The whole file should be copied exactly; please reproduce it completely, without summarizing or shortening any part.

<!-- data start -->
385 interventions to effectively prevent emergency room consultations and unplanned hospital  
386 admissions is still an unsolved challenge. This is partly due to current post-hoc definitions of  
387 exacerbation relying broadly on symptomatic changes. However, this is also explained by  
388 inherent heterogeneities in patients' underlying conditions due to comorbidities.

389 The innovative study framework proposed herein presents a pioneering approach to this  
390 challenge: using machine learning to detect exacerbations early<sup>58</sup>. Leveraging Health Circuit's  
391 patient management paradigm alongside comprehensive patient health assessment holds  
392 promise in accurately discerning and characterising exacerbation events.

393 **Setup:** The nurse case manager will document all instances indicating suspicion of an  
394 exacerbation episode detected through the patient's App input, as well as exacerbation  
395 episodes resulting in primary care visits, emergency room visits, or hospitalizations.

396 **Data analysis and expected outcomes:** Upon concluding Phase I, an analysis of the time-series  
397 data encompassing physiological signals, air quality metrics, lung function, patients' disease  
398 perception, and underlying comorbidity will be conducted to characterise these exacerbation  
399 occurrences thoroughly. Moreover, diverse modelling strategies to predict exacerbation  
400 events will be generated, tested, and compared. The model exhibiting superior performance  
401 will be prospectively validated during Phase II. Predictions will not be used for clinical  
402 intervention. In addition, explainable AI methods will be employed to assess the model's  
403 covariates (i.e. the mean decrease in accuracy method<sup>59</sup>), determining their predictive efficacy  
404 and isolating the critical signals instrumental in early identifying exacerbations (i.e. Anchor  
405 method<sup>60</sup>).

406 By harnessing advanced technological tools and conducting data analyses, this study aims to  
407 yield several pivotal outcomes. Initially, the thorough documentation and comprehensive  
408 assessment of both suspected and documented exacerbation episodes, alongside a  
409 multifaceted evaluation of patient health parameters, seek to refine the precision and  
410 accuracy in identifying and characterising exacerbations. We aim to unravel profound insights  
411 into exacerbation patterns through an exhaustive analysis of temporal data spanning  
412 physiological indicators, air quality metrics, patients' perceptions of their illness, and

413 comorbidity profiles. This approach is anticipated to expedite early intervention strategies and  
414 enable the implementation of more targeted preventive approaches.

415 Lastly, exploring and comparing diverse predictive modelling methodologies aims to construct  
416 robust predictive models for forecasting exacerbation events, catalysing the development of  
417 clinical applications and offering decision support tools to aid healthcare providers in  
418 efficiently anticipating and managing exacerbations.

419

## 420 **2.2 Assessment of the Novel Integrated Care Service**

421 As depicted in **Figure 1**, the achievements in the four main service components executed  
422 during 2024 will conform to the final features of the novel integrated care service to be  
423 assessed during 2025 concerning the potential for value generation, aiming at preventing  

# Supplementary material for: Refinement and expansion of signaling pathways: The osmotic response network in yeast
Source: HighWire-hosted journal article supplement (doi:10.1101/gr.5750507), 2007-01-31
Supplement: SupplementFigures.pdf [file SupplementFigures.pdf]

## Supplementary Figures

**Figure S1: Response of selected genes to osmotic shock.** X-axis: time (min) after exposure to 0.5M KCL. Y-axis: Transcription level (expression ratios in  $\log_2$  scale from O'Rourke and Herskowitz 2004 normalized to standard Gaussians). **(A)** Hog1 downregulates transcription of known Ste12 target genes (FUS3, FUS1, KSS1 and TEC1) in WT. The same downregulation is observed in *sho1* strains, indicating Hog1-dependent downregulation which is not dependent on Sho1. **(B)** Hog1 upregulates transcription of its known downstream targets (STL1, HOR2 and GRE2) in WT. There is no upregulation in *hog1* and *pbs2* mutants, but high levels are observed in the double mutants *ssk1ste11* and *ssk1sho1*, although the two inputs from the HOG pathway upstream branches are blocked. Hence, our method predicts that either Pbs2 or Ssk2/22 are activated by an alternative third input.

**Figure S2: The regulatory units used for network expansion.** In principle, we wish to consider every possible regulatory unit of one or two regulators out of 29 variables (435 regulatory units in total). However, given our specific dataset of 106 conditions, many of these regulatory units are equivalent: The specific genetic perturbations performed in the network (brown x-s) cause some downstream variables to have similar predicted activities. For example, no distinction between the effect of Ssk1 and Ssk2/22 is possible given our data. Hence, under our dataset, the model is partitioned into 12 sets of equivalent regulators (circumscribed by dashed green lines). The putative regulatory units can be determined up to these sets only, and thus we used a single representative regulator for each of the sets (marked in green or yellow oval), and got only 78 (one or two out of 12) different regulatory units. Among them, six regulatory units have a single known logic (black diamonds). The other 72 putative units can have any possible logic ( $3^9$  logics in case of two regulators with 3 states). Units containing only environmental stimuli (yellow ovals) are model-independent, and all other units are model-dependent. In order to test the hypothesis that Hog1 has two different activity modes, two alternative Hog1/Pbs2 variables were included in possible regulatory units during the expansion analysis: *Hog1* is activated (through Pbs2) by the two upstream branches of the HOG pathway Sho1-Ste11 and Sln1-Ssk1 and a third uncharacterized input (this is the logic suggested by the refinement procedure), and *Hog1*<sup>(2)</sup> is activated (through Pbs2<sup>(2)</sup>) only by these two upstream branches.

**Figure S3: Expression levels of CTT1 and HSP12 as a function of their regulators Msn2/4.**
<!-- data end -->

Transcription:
385 interventions to effectively prevent emergency room consultations and unplanned hospital  
386 admissions is still an unsolved challenge. This is partly due to current post-hoc definitions of  
387 exacerbation relying broadly on symptomatic changes. However, this is also explained by  
388 inherent heterogeneities in patients' underlying conditions due to comorbidities.

389 The innovative study framework proposed herein presents a pioneering approach to this  
390 challenge: using machine learning to detect exacerbations early<sup>58</sup>. Leveraging Health Circuit's  
391 patient management paradigm alongside comprehensive patient health assessment holds  
392 promise in accurately discerning and characterising exacerbation events.

393 **Setup:** The nurse case manager will document all instances indicating suspicion of an  
394 exacerbation episode detected through the patient's App input, as well as exacerbation  
395 episodes resulting in primary care visits, emergency room visits, or hospitalizations.

396 **Data analysis and expected outcomes:** Upon concluding Phase I, an analysis of the time-series  
397 data encompassing physiological signals, air quality metrics, lung function, patients' disease  
398 perception, and underlying comorbidity will be conducted to characterise these exacerbation  
399 occurrences thoroughly. Moreover, diverse modelling strategies to predict exacerbation  
400 events will be generated, tested, and compared. The model exhibiting superior performance  
401 will be prospectively validated during Phase II. Predictions will not be used for clinical  
402 intervention. In addition, explainable AI methods will be employed to assess the model's  
403 covariates (i.e. the mean decrease in accuracy method<sup>59</sup>), determining their predictive efficacy  
404 and isolating the critical signals instrumental in early identifying exacerbations (i.e. Anchor  
405 method<sup>60</sup>).

406 By harnessing advanced technological tools and conducting data analyses, this study aims to  
407 yield several pivotal outcomes. Initially, the thorough documentation and comprehensive  
408 assessment of both suspected and documented exacerbation episodes, alongside a  
409 multifaceted evaluation of patient health parameters, seek to refine the precision and  
410 accuracy in identifying and characterising exacerbations. We aim to unravel profound insights  
411 into exacerbation patterns through an exhaustive analysis of temporal data spanning  
412 physiological indicators, air quality metrics, patients' perceptions of their illness, and

413 comorbidity profiles. This approach is anticipated to expedite early intervention strategies and  
414 enable the implementation of more targeted preventive approaches.

415 Lastly, exploring and comparing diverse predictive modelling methodologies aims to construct  
416 robust predictive models for forecasting exacerbation events, catalysing the development of  
417 clinical applications and offering decision support tools to aid healthcare providers in  
418 efficiently anticipating and managing exacerbations.

419

## 420 **2.2 Assessment of the Novel Integrated Care Service**

421 As depicted in **Figure 1**, the achievements in the four main service components executed  
422 during 2024 will conform to the final features of the novel integrated care service to be  
423 assessed during 2025 concerning the potential for value generation, aiming at preventing  

# Supplementary material for: Refinement and expansion of signaling pathways: The osmotic response network in yeast
Source: HighWire-hosted journal article supplement (doi:10.1101/gr.5750507), 2007-01-31
Supplement: SupplementFigures.pdf [file SupplementFigures.pdf]

## Supplementary Figures

**Figure S1: Response of selected genes to osmotic shock.** X-axis: time (min) after exposure to 0.5M KCL. Y-axis: Transcription level (expression ratios in  $\log_2$  scale from O'Rourke and Herskowitz 2004 normalized to standard Gaussians). **(A)** Hog1 downregulates transcription of known Ste12 target genes (FUS3, FUS1, KSS1 and TEC1) in WT. The same downregulation is observed in *sho1* strains, indicating Hog1-dependent downregulation which is not dependent on Sho1. **(B)** Hog1 upregulates transcription of its known downstream targets (STL1, HOR2 and GRE2) in WT. There is no upregulation in *hog1* and *pbs2* mutants, but high levels are observed in the double mutants *ssk1ste11* and *ssk1sho1*, although the two inputs from the HOG pathway upstream branches are blocked. Hence, our method predicts that either Pbs2 or Ssk2/22 are activated by an alternative third input.

**Figure S2: The regulatory units used for network expansion.** In principle, we wish to consider every possible regulatory unit of one or two regulators out of 29 variables (435 regulatory units in total). However, given our specific dataset of 106 conditions, many of these regulatory units are equivalent: The specific genetic perturbations performed in the network (brown x-s) cause some downstream variables to have similar predicted activities. For example, no distinction between the effect of Ssk1 and Ssk2/22 is possible given our data. Hence, under our dataset, the model is partitioned into 12 sets of equivalent regulators (circumscribed by dashed green lines). The putative regulatory units can be determined up to these sets only, and thus we used a single representative regulator for each of the sets (marked in green or yellow oval), and got only 78 (one or two out of 12) different regulatory units. Among them, six regulatory units have a single known logic (black diamonds). The other 72 putative units can have any possible logic ( $3^9$  logics in case of two regulators with 3 states). Units containing only environmental stimuli (yellow ovals) are model-independent, and all other units are model-dependent. In order to test the hypothesis that Hog1 has two different activity modes, two alternative Hog1/Pbs2 variables were included in possible regulatory units during the expansion analysis: *Hog1* is activated (through Pbs2) by the two upstream branches of the HOG pathway Sho1-Ste11 and Sln1-Ssk1 and a third uncharacterized input (this is the logic suggested by the refinement procedure), and *Hog1*<sup>(2)</sup> is activated (through Pbs2<sup>(2)</sup>) only by these two upstream branches.

**Figure S3: Expression levels of CTT1 and HSP12 as a function of their regulators Msn2/4.**